Jurassic World: Fallen Kingdom: “Say goodbye…to Jurassic Park”


Hey Everybody! Flickmuncher here. Wow, it’s been a long time since my last review (well over a year now) and a lot has happened.  Justice League bombed, the Avengers died, the Patriots lost a superbowl to a team not called the NY Giants, we’ve had two Star Wars movies; all sorts of things. But now that its summer 2018 and things seem to have (finally) calmed down—relatively speaking—I thought it was high time I provided you all with another article from the Flickmuncher. And hoooo booooy, do we have a fun one to look at today. So without further ado, I give you Jurassic World: Fallen Kingdom.

So, what’s this movie about, you might ask—assuming you weren’t one of the three gajillion people who went to see it on its opening weekend. Well, three years after the events of Jurassic World, Isla Nubla, home of Jurassic Park has been quarantined by humanity and is now home to a volcano that’s about to erupt. Claire Dearing (Bryce Dallas Howard) and Owen Grady (Chris Pratt) are called in by a mysterious figure named Benjamin Lockwood who helped create the original park thirty years ago, and are tasked by him and his manager Eli Mills (Rafe Spalls) to recover as many dinosaurs as they can before the volcano explodes and wipes them all out. What Owen and Claire don’t know though, is that Lockwood is hiding a dark secret that could change life on Earth for good.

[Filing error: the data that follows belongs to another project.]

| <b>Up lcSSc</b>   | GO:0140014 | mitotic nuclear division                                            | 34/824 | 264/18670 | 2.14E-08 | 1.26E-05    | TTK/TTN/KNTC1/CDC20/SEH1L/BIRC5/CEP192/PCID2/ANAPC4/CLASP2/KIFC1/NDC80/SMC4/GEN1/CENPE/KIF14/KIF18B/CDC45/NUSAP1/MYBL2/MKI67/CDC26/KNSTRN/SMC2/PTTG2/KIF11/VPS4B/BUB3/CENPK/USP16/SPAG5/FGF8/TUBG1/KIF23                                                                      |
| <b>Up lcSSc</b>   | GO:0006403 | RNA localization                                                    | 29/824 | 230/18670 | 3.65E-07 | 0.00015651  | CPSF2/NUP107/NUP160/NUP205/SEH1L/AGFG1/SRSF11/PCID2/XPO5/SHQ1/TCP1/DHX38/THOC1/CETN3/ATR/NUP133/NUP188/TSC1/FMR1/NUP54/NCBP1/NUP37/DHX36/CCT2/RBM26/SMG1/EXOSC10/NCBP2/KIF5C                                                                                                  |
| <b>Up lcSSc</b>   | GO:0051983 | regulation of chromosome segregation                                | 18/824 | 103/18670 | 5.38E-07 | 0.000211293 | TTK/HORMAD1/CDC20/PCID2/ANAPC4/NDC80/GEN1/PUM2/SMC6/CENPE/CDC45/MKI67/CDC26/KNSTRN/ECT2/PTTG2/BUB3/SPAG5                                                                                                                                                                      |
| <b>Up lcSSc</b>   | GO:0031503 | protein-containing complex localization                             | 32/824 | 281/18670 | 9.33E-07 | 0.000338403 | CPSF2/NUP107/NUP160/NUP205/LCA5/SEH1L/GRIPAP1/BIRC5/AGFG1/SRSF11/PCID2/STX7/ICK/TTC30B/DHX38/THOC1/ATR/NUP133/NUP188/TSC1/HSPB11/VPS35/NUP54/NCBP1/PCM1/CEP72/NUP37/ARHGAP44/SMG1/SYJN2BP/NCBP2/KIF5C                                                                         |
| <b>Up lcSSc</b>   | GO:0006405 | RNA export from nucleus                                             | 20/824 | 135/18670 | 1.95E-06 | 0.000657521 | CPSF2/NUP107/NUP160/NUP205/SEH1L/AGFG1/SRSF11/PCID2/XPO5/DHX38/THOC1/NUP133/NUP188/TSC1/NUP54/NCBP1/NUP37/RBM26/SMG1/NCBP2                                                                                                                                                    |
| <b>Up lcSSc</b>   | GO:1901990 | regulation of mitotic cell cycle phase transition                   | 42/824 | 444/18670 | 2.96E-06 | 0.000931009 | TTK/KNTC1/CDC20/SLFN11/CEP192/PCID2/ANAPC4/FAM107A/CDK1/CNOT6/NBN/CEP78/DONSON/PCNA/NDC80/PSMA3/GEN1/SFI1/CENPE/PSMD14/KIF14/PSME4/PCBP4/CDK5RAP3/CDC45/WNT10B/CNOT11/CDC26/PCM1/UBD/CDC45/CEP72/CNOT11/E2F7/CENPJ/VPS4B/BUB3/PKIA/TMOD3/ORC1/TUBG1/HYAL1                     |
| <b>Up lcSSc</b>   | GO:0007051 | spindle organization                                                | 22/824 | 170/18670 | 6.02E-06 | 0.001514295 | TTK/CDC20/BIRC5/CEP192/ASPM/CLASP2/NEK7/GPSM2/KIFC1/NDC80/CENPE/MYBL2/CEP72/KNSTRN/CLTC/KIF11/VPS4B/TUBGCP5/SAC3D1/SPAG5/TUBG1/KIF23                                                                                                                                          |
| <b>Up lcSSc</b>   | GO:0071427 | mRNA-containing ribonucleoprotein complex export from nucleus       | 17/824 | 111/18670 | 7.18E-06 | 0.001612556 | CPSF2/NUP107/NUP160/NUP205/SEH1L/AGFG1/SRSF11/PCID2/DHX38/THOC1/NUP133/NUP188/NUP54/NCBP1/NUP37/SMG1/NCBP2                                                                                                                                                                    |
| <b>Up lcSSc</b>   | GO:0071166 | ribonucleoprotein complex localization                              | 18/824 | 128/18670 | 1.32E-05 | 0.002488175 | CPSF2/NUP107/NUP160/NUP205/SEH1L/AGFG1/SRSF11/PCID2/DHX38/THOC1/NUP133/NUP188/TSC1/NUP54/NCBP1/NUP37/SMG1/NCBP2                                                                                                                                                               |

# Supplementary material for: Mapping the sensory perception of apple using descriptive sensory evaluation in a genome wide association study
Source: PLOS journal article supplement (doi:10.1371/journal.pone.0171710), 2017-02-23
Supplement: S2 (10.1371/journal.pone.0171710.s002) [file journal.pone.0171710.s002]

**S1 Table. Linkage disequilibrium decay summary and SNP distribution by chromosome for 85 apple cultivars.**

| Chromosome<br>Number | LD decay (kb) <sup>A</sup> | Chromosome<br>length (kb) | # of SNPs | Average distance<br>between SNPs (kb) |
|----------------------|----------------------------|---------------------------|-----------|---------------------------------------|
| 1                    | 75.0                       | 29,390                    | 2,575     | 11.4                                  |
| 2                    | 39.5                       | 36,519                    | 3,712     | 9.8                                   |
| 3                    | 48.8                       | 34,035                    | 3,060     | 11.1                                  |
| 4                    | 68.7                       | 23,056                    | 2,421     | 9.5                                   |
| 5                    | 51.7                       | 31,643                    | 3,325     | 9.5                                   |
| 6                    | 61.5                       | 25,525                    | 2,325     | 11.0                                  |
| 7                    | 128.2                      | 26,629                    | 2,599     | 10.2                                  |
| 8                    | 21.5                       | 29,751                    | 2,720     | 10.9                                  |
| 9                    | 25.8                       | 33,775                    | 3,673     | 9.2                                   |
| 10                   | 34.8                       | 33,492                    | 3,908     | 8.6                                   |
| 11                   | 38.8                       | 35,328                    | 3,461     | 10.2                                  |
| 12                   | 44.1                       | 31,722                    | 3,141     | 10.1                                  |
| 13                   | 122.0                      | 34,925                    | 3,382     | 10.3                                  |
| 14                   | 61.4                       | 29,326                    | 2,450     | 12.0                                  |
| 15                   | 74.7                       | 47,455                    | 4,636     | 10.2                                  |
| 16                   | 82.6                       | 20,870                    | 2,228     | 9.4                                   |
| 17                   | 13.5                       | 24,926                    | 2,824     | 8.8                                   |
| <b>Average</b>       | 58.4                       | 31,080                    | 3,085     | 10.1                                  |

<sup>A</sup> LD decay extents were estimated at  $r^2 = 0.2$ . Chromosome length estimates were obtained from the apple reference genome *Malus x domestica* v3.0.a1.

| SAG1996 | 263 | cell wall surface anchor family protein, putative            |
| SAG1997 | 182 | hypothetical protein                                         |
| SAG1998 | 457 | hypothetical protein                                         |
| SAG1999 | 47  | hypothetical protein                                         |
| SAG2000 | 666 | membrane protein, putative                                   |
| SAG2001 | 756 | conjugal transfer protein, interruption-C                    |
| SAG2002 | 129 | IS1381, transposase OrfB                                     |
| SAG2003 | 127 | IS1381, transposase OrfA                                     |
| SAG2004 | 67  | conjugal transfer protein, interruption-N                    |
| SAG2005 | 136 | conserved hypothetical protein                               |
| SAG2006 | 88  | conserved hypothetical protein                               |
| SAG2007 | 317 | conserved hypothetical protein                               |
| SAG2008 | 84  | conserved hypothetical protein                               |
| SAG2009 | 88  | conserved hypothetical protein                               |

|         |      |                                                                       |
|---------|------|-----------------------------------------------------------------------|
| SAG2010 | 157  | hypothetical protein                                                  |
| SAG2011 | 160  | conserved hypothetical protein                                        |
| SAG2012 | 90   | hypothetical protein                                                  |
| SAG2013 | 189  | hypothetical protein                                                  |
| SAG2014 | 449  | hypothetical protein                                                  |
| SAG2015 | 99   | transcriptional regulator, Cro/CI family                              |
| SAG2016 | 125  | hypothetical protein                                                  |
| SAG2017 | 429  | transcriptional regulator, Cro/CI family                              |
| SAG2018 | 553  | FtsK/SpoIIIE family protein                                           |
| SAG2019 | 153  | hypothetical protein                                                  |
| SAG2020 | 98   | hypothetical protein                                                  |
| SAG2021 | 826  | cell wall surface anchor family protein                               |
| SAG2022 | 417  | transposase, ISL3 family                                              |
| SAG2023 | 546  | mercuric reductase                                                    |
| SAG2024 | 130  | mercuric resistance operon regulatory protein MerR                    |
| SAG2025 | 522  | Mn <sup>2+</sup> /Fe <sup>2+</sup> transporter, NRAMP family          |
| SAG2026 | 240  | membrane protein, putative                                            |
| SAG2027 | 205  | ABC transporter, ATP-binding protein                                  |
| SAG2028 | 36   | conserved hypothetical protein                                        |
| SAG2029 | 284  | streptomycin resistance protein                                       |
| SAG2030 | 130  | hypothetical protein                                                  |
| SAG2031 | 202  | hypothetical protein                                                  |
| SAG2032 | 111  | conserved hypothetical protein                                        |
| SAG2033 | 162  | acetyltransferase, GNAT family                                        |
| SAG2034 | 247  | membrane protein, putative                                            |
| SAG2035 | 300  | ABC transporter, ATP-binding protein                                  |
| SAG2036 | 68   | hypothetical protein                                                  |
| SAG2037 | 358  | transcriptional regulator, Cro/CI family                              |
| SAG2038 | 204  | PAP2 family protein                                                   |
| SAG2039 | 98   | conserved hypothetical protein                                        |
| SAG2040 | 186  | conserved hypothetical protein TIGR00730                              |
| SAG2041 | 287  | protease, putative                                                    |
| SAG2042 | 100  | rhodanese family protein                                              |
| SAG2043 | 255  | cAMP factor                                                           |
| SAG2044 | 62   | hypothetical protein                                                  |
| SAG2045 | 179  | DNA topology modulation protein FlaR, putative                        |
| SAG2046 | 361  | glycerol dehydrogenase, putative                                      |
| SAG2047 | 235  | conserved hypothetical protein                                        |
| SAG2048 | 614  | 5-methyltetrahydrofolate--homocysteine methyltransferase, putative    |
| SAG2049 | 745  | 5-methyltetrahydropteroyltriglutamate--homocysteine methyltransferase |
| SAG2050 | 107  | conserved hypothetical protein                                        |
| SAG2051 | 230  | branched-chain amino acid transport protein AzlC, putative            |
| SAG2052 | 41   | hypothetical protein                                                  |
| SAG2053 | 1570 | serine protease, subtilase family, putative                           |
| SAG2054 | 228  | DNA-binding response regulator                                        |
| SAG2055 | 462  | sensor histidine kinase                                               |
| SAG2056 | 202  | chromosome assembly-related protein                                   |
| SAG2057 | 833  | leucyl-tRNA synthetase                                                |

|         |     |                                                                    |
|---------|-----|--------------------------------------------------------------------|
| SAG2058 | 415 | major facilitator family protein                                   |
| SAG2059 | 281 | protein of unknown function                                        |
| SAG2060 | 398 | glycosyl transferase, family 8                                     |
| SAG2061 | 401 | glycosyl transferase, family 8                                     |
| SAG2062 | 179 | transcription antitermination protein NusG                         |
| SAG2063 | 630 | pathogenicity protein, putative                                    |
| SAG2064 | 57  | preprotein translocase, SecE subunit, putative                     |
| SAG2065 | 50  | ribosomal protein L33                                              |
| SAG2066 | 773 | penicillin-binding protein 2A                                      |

I’m going to get this right out of the way; this movie is not good. It’s really not good at all. It is without a doubt one of the stupidest movies I have seen in a long time and I recently watched a movie where people in colorful costumes were trying to stop a purple guy with six chins from putting all the buttons back on his Powerglove—by the way, props to anyone who knows what that is, and googling it doesn’t count. Anyway, the funny thing about Fallen Kingdom’s stupidity is that there are so many levels of stupid going on in the film. Granted, the Jurassic Park movies have always been subject to that but the fact that this movie remains so blissfully oblivious to its own stupidity actually makes it rather fascinating to watch. But what do I mean by that? Well, as always let’s start with the pros.

First, the music is wonderful to listen to. Michael Giacchino, who did music for such movies as Dawn of the Planet of the Apes, Star Trek, and The Incredibles, wrote the score for this movie. John Williams’ Jurassic Park theme is certainly iconic but there’s a feeling of grandeur that Giacchino manages to capture in several parts that definitely had the same touch that the classic theme did.